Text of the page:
As ever, it was in this work of carving the path to the future that Petals had the most lasting impact and in Emma and James’ case it took varying routes – at first it was about helping them feel like they could make a space for Bonnie in their home.  Emma says: “We put a shelf up and put Bonnie’s photo up with a few special things, her blanket, a little teddy, so she had a space in our home and things like that really made a difference.”

It was also about enabling Emma and James to feel like they could contemplate and later go through with another pregnancy. Counselling played a big part in this, but it was also Karen, through her networks, signposting Emma and James to others who truly understood their experience that also helped. 

James says: “We really want to mention Andy Leather who was our consultant as he was massive in getting us through, without Andy, Karen and a very special friend we wouldn’t have had another baby.  Andy, throughout the whole process, was very humble – a lot of the hospital had closed ranks after what happened and that’s not how he was, and he did everything he could to help us.”

Emma strongly agrees and says: “Yes, Andy couldn’t have done more to support us through having Boe and our very special friend, Christine Colbourne, supported us through the loss of Bonnie and our pregnancy with Boe, she even drove across the country in the middle of the night to be with us whilst I had Boe”!

Boe is now four and James describes how important this was for them as a family: “If we hadn’t have had Boe, I think we would still be in some sort of mess, to be honest with you because going through that process again, having Boe was… well we didn’t really, until she had been born and a few months old probably, really sort of accept that we’d got her.” Emma agrees, saying: “We shut down in fear of what might happen again.

Cherishing the family unit has become central to Emma and James’ life and they speak with passion about how they involve Bonnie in their day-to-day lives and about how important it has been for them to be able to talk to Percy, now nine, about his sister.

Emma explains: “This also had a big impact on our son, Percy, he was two at the time and at that age they can’t vocalise everything, but they can see you going through it all, so we tried to talk to him about it and he’s got a good understanding now and we try to do positive things with Percy in Bonnie’s memory.  We planted a little woodland and he helped sprinkle the grass seed and plant trees and things like that.”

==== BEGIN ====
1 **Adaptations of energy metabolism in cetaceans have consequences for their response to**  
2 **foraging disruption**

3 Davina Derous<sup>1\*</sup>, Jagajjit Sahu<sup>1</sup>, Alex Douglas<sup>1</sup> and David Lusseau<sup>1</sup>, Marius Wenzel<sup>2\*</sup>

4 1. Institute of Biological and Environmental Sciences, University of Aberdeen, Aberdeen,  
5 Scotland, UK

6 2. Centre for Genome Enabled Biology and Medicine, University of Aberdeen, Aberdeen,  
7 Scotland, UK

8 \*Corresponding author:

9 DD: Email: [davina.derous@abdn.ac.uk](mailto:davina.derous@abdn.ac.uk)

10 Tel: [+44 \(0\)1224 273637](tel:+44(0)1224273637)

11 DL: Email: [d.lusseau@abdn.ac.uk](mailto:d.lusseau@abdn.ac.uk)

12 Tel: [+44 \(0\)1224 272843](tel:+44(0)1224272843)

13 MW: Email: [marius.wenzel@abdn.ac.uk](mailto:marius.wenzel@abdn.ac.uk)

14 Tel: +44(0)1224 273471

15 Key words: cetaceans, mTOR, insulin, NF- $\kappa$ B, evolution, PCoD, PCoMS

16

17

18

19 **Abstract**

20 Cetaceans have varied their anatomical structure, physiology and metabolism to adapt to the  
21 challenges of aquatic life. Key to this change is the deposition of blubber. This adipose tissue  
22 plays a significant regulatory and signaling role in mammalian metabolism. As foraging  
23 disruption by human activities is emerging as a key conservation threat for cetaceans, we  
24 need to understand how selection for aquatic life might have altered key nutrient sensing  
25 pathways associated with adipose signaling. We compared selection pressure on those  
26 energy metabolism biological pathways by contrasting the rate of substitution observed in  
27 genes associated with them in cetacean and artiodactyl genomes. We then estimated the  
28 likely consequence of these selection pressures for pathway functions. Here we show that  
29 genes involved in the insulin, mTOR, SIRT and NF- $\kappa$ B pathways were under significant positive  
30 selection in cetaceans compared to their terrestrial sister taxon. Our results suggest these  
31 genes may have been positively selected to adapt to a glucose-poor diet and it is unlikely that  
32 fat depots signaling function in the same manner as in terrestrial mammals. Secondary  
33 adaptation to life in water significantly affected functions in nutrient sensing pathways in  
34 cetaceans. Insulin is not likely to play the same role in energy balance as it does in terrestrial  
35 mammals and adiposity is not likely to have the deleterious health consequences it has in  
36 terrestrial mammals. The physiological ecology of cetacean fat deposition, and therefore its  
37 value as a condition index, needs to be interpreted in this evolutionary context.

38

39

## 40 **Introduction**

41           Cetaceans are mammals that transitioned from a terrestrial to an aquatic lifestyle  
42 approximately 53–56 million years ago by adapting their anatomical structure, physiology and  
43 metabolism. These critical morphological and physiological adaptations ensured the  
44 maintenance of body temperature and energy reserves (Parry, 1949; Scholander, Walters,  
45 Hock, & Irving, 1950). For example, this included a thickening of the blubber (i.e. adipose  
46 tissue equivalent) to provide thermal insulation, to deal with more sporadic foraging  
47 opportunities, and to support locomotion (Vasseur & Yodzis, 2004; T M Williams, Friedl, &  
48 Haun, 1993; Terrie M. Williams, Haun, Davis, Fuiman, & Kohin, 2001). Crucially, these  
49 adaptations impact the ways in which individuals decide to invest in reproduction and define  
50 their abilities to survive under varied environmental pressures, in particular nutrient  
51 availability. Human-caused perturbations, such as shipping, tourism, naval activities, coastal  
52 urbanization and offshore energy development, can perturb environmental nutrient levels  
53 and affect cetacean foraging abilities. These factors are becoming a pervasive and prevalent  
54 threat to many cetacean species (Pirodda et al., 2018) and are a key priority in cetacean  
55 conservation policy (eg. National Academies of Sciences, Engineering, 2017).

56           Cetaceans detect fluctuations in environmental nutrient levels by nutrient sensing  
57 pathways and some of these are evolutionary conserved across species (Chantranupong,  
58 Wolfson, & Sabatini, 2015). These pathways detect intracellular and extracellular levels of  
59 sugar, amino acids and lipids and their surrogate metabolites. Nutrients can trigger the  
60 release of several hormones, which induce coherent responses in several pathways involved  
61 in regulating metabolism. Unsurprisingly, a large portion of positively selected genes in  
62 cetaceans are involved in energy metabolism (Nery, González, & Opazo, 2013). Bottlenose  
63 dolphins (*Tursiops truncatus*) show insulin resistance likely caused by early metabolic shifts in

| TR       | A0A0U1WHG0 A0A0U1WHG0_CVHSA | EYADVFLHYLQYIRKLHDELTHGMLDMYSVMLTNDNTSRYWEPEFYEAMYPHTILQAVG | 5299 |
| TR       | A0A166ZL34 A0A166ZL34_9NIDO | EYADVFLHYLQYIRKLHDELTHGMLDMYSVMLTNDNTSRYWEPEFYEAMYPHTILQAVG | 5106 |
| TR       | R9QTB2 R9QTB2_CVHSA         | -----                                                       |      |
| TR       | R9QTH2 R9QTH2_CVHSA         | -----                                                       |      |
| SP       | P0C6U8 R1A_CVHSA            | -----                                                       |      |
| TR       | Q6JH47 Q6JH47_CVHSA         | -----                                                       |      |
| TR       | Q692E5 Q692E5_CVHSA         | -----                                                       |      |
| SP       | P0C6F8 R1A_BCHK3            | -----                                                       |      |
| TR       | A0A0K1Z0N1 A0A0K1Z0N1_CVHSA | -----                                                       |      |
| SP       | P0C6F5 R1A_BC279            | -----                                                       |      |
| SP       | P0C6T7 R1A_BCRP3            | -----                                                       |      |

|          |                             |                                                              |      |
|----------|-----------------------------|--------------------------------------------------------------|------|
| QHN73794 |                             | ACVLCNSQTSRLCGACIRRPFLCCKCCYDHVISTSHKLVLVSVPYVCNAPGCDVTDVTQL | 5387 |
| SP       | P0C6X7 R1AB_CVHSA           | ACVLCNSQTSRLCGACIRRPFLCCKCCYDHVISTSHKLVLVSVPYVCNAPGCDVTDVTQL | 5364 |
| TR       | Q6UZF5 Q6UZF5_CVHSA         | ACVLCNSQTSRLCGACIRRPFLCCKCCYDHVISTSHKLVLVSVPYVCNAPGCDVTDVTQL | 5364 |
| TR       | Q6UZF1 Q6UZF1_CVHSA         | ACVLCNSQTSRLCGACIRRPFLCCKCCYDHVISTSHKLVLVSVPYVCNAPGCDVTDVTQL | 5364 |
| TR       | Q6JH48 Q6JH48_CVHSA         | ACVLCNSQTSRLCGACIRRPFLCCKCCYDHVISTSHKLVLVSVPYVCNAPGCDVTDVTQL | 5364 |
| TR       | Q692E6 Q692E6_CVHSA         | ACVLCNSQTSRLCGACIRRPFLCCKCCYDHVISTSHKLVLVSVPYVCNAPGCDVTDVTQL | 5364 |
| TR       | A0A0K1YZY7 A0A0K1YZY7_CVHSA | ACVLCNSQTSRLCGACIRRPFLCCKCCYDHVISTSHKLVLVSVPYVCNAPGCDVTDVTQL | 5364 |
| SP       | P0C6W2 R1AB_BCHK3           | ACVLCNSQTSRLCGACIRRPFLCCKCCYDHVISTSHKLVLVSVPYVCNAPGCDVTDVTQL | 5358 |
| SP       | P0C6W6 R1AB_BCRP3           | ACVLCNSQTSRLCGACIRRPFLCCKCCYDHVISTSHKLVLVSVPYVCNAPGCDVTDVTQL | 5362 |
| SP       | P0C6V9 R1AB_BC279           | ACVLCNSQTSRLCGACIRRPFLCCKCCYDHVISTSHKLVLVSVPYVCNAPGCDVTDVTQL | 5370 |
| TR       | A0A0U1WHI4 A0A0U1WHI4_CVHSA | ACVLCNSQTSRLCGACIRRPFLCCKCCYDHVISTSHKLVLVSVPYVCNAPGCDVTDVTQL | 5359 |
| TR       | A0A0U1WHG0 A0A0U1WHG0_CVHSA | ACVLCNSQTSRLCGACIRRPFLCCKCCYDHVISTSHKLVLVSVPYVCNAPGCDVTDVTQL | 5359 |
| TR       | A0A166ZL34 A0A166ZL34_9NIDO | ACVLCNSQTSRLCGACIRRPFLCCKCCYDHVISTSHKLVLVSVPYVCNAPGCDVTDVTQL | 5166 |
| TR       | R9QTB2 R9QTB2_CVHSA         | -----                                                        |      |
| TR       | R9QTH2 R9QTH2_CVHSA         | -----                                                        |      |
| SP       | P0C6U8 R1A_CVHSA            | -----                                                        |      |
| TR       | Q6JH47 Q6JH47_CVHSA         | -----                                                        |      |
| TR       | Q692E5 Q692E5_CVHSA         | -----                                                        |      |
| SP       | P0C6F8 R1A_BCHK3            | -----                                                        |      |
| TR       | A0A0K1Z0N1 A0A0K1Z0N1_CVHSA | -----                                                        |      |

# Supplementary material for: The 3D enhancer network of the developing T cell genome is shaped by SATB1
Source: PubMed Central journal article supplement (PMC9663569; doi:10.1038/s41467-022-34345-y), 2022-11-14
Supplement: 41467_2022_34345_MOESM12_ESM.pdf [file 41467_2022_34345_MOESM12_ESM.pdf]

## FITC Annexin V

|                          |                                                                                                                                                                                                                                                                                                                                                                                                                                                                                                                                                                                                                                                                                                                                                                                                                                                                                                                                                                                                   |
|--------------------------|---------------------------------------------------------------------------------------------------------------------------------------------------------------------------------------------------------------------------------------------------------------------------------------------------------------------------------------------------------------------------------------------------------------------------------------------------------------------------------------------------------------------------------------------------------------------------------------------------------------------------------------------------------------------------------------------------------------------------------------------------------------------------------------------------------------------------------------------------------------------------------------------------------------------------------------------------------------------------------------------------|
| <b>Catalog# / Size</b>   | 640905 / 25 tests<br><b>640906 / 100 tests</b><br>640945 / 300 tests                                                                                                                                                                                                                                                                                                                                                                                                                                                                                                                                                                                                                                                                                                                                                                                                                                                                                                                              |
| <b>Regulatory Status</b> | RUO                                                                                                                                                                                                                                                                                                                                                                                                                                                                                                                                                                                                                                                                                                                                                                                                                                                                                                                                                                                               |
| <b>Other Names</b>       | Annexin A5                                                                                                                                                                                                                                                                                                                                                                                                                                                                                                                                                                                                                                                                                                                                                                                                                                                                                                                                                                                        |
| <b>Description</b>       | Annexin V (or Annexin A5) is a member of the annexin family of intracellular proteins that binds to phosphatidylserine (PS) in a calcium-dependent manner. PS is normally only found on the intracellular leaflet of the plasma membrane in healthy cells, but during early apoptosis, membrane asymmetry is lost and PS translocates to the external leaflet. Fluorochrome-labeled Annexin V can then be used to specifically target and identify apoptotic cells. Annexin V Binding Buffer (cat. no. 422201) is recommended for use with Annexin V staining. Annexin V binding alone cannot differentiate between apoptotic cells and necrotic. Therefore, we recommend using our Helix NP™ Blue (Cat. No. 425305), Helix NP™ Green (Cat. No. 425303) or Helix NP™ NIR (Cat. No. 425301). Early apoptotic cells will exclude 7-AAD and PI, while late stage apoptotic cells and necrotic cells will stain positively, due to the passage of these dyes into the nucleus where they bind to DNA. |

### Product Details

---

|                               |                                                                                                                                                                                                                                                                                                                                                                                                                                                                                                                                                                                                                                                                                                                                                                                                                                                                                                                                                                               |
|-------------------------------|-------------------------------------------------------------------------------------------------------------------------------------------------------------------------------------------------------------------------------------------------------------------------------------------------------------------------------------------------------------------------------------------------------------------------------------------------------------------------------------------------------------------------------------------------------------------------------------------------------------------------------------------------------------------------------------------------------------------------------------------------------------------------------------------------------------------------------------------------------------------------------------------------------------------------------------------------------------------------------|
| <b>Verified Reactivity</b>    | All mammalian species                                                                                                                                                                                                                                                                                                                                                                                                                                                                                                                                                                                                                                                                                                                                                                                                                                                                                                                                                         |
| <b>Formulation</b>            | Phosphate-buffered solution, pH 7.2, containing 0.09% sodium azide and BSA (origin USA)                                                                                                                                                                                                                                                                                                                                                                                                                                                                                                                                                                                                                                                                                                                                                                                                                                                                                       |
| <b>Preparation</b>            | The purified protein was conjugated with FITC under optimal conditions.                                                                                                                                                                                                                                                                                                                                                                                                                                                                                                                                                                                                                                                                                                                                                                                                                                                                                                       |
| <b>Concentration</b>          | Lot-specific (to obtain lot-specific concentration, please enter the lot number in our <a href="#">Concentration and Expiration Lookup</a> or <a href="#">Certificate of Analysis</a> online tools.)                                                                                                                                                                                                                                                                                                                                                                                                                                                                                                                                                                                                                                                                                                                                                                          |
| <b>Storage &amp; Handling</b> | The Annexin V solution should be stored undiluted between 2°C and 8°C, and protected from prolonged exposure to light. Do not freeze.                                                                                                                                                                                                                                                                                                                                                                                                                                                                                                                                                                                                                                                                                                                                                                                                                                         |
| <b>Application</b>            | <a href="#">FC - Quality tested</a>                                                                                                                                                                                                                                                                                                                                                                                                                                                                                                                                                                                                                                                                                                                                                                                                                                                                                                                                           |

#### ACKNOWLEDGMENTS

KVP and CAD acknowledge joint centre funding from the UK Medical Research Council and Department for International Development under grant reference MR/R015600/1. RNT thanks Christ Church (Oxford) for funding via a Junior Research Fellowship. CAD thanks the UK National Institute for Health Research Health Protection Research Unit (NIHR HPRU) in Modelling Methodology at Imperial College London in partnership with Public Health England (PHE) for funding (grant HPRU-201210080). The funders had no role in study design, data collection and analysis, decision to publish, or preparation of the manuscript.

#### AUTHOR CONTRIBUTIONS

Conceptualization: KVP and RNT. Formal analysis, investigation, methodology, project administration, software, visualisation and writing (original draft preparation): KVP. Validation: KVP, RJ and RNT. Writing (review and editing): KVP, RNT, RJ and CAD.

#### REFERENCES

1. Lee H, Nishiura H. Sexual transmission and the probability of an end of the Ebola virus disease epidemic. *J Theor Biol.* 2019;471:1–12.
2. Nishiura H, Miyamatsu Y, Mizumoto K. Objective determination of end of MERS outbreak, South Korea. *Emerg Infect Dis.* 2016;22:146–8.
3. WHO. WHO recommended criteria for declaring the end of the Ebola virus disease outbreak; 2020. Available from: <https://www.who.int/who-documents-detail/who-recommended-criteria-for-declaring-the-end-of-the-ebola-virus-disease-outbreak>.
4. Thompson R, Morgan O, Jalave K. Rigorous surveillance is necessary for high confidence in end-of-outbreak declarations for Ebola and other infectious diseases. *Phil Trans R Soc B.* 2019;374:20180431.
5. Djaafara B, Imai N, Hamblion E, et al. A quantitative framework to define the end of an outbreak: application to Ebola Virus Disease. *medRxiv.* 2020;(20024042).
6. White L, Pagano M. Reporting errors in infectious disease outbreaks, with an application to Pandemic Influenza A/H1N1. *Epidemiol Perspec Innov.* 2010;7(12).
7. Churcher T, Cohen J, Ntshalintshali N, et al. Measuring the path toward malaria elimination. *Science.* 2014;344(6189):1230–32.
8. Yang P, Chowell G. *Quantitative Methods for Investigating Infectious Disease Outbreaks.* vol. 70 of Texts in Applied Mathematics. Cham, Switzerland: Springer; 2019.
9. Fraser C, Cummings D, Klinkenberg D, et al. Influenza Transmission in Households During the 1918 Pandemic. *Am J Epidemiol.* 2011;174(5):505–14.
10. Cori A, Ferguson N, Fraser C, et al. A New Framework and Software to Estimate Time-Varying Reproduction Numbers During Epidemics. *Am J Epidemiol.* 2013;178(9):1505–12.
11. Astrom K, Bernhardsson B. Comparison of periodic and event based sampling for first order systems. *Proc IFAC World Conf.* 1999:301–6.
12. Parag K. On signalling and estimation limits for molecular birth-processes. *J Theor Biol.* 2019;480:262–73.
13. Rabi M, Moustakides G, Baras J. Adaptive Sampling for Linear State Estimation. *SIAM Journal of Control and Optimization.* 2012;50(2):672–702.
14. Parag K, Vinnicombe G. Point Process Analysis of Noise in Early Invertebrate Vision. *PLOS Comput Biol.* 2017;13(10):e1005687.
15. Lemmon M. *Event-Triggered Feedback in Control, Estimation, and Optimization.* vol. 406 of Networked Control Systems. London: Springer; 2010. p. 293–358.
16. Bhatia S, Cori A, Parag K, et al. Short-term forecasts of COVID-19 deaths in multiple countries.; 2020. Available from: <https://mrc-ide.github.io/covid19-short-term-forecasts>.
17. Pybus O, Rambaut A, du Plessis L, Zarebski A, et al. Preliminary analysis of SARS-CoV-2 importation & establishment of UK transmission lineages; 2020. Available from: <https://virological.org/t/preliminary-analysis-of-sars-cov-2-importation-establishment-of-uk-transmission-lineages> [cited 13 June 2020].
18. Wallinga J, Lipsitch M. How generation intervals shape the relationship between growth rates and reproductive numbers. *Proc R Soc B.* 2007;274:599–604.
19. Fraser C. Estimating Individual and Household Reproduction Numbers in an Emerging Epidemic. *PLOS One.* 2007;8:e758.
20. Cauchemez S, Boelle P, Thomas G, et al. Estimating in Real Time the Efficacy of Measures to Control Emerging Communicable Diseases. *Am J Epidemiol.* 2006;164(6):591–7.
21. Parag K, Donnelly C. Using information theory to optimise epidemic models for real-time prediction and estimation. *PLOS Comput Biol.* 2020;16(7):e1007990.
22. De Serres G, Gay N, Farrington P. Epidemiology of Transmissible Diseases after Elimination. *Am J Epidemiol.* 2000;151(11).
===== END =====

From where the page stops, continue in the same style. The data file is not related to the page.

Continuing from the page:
James jumps in with a wonderfully proud voice to say: “And now he gets on the mower and mows all around the trees! And it’s referred to as Bonnie’s wood.” Emma continues: “Bonnie is still a part of our family and we’re very open with that. We cherish Percy and Boe and we all get so much joy from each other, we count our blessings, we really do.”

It is very often the case that couples who have had support from Petals feel that they would like to give back in some way and the doing of this can become another important part of the healing process. 

This was certainly true for Emma and James, as Emma explains: “We felt like we really wanted to give something back afterwards and so we held an event called Songs of Spring at Rendham Church about a year after we had Bonnie and we raised £1k.  Karen came and we had friends and family singing and tea and cake afterwards so people could look around Bonnie’s wood.  It really is the most beautiful location and there were lots of children running around and it had a really joyful feel to it and was a nice positive way to remember Bonnie and raise some money for Petals.”